42 As it is an essential way of making family life possible, the family reunification enjoyed by Turkish workers who belong to the labour force of the Member States contributes both to improving the quality of their stay and to their integration in those Member States and, therefore, promotes social cohesion in the society concerned.

43 The German government claims, however, that both the meaning and objective of the Association Agreement and of Decision No 1/80 militate against the idea that the first paragraph of Article 7 of that decision would also apply to non-Turkish nationals. That agreement pursues primarily economic objectives. The regulation of the right of residence of the spouse of a Turkish worker from a third country is not, therefore, an ongoing issue for an association based on such objectives.

44 That argument cannot be accepted.

45 Although it is true that, under Article 2(1) of the Association Agreement, that agreement has the purpose of promoting the continuous and balanced strengthening of trade and economic relations between the European Economic Community and Turkey, the fact remains that, by providing in the first paragraph of Article 7 of Decision No 1/80 for the possibility for the family members of a Turkish worker to join him in the Member State where he works, the Contracting Parties took as their basis grounds that go well beyond considerations of a purely economic nature.

46 Article 7 of Decision No 1/80 is included in Section 1 of Chapter II of that decision, entitled ‘Social Provisions’. That section concerns questions relating to employment and the free movement of workers.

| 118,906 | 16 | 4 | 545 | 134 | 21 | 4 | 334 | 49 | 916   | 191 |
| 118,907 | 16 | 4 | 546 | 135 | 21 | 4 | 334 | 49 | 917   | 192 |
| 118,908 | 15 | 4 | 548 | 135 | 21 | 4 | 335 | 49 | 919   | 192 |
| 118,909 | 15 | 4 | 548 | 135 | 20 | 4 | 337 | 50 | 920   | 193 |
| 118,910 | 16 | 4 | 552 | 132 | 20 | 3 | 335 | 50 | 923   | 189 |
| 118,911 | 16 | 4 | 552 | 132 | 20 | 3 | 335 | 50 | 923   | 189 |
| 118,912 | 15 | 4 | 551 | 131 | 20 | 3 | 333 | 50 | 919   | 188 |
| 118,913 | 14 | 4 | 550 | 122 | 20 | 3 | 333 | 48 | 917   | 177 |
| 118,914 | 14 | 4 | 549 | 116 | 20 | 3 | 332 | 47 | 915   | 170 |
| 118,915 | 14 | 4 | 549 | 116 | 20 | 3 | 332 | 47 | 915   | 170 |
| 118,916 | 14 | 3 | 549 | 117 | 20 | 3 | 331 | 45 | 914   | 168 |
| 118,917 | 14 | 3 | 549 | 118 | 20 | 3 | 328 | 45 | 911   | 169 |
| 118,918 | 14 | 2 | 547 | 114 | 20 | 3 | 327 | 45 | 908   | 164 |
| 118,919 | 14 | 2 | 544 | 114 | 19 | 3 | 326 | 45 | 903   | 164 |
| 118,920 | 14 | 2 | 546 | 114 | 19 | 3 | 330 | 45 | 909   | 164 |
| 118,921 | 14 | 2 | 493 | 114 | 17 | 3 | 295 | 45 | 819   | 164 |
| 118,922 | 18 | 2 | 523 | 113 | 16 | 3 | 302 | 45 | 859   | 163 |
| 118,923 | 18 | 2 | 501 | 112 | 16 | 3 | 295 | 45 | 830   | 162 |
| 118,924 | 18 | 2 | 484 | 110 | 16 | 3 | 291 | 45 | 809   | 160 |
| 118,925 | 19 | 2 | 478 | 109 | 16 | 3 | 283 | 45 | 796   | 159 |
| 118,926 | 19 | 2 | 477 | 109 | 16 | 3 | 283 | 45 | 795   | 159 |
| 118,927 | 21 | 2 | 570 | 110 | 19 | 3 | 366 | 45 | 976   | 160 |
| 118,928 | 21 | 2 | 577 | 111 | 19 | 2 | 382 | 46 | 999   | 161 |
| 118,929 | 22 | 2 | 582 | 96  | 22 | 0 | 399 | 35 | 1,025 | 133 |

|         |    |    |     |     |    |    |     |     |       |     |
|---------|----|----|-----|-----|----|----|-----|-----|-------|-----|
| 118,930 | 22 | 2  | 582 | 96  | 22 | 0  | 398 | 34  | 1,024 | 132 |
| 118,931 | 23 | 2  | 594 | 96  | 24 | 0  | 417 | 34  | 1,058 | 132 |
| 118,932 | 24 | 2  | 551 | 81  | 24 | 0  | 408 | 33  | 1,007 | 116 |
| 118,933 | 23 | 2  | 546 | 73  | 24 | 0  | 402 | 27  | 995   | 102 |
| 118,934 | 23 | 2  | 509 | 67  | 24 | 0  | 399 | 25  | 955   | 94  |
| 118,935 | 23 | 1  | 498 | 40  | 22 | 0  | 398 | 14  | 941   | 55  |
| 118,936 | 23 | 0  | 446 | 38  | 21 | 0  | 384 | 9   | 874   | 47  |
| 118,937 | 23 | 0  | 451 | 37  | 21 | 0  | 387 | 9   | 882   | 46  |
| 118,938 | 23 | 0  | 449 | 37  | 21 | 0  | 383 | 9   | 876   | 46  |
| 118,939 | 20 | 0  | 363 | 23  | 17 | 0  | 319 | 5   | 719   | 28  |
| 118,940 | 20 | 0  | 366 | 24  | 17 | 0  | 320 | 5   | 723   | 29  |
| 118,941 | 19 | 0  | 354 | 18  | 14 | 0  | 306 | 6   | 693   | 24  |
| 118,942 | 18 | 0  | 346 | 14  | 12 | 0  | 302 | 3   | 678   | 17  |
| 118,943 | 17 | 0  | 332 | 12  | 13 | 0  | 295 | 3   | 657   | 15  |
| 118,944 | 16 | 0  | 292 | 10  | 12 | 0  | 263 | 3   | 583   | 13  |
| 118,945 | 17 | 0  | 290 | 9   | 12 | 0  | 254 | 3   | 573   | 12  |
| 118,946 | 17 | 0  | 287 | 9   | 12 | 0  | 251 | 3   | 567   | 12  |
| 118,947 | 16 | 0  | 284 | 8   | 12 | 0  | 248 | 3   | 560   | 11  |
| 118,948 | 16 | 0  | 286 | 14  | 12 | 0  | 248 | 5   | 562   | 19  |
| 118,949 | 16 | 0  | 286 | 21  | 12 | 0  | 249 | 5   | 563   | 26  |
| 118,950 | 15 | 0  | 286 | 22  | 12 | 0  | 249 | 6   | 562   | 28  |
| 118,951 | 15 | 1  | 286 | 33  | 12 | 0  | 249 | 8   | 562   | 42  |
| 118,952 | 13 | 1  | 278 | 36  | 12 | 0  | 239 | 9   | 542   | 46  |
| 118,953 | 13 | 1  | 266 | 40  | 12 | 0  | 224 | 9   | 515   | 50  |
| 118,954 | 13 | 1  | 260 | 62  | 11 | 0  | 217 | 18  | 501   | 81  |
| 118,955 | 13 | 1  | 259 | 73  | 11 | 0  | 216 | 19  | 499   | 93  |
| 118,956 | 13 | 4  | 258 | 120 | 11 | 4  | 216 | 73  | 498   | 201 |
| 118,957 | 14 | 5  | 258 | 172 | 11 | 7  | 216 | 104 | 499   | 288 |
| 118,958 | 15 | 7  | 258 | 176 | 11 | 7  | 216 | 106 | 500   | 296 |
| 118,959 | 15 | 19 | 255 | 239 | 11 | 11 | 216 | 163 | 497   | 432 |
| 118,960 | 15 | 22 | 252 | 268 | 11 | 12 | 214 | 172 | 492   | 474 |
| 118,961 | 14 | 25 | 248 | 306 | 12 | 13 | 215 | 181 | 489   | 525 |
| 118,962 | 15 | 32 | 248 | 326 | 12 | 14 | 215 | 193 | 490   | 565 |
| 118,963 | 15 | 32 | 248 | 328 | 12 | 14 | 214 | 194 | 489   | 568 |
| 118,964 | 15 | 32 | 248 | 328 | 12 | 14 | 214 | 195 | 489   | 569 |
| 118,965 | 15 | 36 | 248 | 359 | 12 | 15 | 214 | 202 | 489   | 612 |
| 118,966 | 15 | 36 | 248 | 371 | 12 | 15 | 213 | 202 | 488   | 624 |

47 The advantages that family reunification bring to family life, to the quality of the stay and to the integration of the Turkish worker in the Member State where he works and resides are clearly independent of the nationality of the members of his family who are authorised to join him in that State.

48 Furthermore, the Court has already held that the social provisions of Decision No 1/80, of which the first paragraph of Article 7 forms part, constitute a further stage in securing freedom of movement for workers on the basis of Articles 45 TFEU, 46 TFEU and 47 TFEU and that, therefore, the principles enshrined in those Treaty articles must be transposed, so far as possible, to Turkish nationals who enjoy the rights conferred by that Decision (see, to that effect, Case C‑171/95 Tetik [1997] ECR I‑329, paragraph 20, and Case C‑351/95 Kadiman [1997] ECR I‑2133, paragraph 30).

49 It is also clear from the Court’s case-law that, in the determination of the scope of ‘member of the family’ for the purposes of the first paragraph of Article 7 of Decision No 1/80, reference should be made to the interpretation given to that concept in the field of freedom of movement for workers who are nationals of the Member States of the European Union and, more specifically, to the scope given to Article 10(1) of Regulation No 1612/68 (Ayaz, paragraph 45).

50 Article 10(1) of that regulation provided that the members of the family of a worker who is a national of one Member State had the right to install themselves with him in the Member State where he was employed, irrespective of their nationality.

51 That provision was repealed but Article 6(2) and Article 7(2) of Directive 2004/38 also establish the principle that members of the family of a citizen of the European Union who are not nationals of a Member State have the right to accompany or join him in the host Member State.

52 Any limitation on the right to family reunification, which would necessarily result if the rights conferred under the first paragraph of Article 7 of Decision No 1/80 were applied only to members of the family who have Turkish nationality, would undermine the objective of that provision.